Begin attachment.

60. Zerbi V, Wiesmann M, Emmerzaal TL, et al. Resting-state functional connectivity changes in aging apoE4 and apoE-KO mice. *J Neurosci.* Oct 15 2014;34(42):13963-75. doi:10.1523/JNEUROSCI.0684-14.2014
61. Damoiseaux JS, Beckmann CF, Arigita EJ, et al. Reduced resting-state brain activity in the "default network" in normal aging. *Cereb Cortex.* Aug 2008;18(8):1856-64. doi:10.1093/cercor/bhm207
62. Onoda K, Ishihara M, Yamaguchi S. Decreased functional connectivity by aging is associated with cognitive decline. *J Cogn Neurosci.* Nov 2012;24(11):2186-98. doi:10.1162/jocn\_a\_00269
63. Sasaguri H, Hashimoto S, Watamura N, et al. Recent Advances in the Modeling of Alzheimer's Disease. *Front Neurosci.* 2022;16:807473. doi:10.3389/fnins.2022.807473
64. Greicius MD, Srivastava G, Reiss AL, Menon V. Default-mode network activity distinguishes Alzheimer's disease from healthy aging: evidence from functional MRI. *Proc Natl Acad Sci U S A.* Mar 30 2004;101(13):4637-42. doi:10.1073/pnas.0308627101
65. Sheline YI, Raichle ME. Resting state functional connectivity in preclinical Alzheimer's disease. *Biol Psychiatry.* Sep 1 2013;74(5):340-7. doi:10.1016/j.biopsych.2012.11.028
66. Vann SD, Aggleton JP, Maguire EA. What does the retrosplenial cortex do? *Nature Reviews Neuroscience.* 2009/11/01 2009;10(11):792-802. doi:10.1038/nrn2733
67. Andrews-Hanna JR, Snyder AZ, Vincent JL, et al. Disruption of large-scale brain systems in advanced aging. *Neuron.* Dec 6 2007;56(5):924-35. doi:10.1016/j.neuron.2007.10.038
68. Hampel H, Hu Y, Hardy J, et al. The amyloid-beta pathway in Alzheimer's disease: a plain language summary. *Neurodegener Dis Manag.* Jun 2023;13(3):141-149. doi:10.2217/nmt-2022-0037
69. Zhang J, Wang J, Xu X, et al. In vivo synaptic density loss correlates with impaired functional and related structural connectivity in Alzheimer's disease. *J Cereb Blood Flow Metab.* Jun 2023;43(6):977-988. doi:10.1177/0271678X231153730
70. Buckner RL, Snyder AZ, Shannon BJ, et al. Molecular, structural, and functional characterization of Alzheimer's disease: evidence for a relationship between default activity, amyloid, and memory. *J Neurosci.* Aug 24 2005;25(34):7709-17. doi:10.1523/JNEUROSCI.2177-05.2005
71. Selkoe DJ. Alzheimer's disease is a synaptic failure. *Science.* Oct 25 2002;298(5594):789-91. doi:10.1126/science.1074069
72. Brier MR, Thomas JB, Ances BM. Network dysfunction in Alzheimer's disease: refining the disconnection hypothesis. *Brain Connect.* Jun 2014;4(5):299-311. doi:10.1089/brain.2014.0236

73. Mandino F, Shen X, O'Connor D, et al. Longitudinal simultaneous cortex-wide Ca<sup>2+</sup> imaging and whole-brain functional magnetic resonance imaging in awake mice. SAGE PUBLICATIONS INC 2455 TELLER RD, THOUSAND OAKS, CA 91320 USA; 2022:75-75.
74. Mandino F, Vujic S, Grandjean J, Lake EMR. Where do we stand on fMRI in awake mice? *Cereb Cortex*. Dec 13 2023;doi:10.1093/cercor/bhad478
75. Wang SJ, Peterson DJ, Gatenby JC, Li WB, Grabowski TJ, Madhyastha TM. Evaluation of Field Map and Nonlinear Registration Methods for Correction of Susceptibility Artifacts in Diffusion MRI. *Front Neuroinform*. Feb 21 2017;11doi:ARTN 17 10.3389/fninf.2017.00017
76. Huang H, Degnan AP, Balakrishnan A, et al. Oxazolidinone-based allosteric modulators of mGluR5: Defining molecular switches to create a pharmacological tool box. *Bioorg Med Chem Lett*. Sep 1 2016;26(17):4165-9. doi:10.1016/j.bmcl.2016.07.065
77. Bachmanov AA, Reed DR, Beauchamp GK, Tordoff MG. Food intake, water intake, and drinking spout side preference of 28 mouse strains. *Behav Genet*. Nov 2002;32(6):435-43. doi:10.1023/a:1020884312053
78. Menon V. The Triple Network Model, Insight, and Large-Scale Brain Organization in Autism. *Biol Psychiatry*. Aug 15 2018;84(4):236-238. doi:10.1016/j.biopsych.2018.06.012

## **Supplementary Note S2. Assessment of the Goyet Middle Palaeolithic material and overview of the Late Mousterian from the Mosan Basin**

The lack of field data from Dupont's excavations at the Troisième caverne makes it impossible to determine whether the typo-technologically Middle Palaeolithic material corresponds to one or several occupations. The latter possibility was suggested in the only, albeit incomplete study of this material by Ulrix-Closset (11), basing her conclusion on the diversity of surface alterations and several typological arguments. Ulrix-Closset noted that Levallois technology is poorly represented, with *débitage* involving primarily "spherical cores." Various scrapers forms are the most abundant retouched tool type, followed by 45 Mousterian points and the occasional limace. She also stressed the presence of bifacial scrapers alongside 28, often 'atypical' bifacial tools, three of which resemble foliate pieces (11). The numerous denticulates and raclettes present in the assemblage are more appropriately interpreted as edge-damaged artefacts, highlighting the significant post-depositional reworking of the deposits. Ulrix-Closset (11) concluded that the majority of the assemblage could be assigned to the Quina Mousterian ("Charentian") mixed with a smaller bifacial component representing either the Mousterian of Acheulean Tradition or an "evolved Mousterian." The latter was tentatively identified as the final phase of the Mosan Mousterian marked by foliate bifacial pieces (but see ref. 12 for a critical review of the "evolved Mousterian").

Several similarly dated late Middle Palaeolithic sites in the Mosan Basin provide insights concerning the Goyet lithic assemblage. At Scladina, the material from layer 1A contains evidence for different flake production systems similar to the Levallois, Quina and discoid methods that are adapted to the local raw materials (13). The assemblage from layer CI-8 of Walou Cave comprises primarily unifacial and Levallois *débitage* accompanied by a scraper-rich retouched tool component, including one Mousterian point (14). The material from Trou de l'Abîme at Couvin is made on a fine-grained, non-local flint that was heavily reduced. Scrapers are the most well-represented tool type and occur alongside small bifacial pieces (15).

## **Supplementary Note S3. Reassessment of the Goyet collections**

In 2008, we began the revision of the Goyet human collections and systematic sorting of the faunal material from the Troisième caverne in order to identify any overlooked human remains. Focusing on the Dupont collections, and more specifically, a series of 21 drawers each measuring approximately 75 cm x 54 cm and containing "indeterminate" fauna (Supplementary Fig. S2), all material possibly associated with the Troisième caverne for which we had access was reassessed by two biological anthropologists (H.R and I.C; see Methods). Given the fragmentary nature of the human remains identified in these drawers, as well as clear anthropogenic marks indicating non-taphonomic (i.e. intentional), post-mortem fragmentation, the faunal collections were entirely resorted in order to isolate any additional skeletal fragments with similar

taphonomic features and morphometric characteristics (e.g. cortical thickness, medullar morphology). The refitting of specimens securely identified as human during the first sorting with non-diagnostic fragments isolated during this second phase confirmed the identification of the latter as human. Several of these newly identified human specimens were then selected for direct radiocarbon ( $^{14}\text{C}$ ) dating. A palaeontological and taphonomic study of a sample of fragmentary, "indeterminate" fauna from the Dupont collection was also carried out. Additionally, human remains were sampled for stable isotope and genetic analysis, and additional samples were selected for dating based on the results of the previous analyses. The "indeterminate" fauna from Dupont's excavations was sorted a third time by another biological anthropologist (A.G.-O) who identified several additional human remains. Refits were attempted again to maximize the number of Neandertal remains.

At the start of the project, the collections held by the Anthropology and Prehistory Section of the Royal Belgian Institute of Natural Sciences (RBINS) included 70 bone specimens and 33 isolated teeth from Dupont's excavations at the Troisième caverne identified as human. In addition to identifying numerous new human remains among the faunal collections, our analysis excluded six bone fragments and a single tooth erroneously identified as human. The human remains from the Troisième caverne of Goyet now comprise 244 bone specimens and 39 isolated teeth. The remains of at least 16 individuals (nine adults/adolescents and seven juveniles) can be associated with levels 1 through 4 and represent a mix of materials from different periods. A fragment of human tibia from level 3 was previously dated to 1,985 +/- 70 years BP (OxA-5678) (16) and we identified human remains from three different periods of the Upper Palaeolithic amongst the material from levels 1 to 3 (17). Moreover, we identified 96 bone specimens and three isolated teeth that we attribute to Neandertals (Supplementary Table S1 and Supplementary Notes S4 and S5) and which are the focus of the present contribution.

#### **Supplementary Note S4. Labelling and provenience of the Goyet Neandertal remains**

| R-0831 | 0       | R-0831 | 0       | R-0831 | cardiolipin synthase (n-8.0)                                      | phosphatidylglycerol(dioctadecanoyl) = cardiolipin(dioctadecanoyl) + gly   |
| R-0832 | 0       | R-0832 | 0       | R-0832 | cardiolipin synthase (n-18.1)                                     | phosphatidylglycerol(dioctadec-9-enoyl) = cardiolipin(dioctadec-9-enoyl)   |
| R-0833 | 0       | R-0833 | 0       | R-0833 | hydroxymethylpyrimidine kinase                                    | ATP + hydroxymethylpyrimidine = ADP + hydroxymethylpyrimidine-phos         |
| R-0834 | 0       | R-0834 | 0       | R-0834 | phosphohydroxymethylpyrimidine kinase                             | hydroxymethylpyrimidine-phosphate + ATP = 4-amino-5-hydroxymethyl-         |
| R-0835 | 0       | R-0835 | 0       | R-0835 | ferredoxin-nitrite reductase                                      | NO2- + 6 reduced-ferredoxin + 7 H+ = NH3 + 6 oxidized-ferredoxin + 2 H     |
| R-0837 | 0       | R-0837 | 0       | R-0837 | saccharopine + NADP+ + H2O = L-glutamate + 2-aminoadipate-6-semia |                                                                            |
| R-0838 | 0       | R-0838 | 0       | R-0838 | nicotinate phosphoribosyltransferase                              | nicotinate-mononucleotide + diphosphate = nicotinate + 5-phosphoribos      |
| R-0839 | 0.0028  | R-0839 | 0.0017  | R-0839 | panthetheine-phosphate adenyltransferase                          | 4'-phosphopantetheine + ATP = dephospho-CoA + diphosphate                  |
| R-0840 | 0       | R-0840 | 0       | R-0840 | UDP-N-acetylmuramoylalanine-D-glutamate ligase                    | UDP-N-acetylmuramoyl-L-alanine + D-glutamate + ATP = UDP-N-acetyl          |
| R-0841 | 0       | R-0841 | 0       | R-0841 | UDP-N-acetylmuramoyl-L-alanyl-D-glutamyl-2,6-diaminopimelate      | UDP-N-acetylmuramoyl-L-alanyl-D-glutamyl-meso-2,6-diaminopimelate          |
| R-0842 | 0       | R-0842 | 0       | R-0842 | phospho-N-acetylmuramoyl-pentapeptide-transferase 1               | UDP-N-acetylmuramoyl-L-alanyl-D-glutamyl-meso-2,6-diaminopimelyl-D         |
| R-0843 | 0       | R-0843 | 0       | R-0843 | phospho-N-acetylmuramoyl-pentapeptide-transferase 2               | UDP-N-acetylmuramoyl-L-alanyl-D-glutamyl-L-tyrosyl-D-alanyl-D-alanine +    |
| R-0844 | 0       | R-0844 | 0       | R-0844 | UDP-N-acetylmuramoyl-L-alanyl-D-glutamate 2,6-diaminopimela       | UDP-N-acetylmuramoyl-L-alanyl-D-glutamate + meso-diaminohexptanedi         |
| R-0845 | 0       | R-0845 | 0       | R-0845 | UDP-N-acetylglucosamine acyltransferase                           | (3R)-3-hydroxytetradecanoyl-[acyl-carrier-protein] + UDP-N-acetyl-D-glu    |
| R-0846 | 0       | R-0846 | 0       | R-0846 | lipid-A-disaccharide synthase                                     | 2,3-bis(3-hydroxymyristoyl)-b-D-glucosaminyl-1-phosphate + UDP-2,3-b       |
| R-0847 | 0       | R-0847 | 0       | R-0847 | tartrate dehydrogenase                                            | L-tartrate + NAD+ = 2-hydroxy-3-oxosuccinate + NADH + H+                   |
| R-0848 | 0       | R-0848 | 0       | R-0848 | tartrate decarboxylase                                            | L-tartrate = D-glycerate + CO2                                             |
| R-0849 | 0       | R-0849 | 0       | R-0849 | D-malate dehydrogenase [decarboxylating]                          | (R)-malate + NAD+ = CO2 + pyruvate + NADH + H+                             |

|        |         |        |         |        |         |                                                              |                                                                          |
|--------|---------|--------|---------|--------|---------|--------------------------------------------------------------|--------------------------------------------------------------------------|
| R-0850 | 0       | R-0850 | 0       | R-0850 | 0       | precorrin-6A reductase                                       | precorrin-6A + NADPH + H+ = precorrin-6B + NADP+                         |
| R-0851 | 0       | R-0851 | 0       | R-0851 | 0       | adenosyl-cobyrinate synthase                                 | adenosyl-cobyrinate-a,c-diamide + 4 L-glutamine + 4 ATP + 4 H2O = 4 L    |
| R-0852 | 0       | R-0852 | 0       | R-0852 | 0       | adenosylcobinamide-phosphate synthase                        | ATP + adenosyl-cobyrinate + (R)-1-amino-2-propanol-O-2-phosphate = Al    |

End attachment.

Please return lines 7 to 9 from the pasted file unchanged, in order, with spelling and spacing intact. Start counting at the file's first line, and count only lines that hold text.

66. Vann SD, Aggleton JP, Maguire EA. What does the retrosplenial cortex do? *Nature Reviews Neuroscience.* 2009/11/01 2009;10(11):792-802. doi:10.1038/nrn2733
67. Andrews-Hanna JR, Snyder AZ, Vincent JL, et al. Disruption of large-scale brain systems in advanced aging. *Neuron.* Dec 6 2007;56(5):924-35. doi:10.1016/j.neuron.2007.10.038
68. Hampel H, Hu Y, Hardy J, et al. The amyloid-beta pathway in Alzheimer's disease: a plain language summary. *Neurodegener Dis Manag.* Jun 2023;13(3):141-149. doi:10.2217/nmt-2022-0037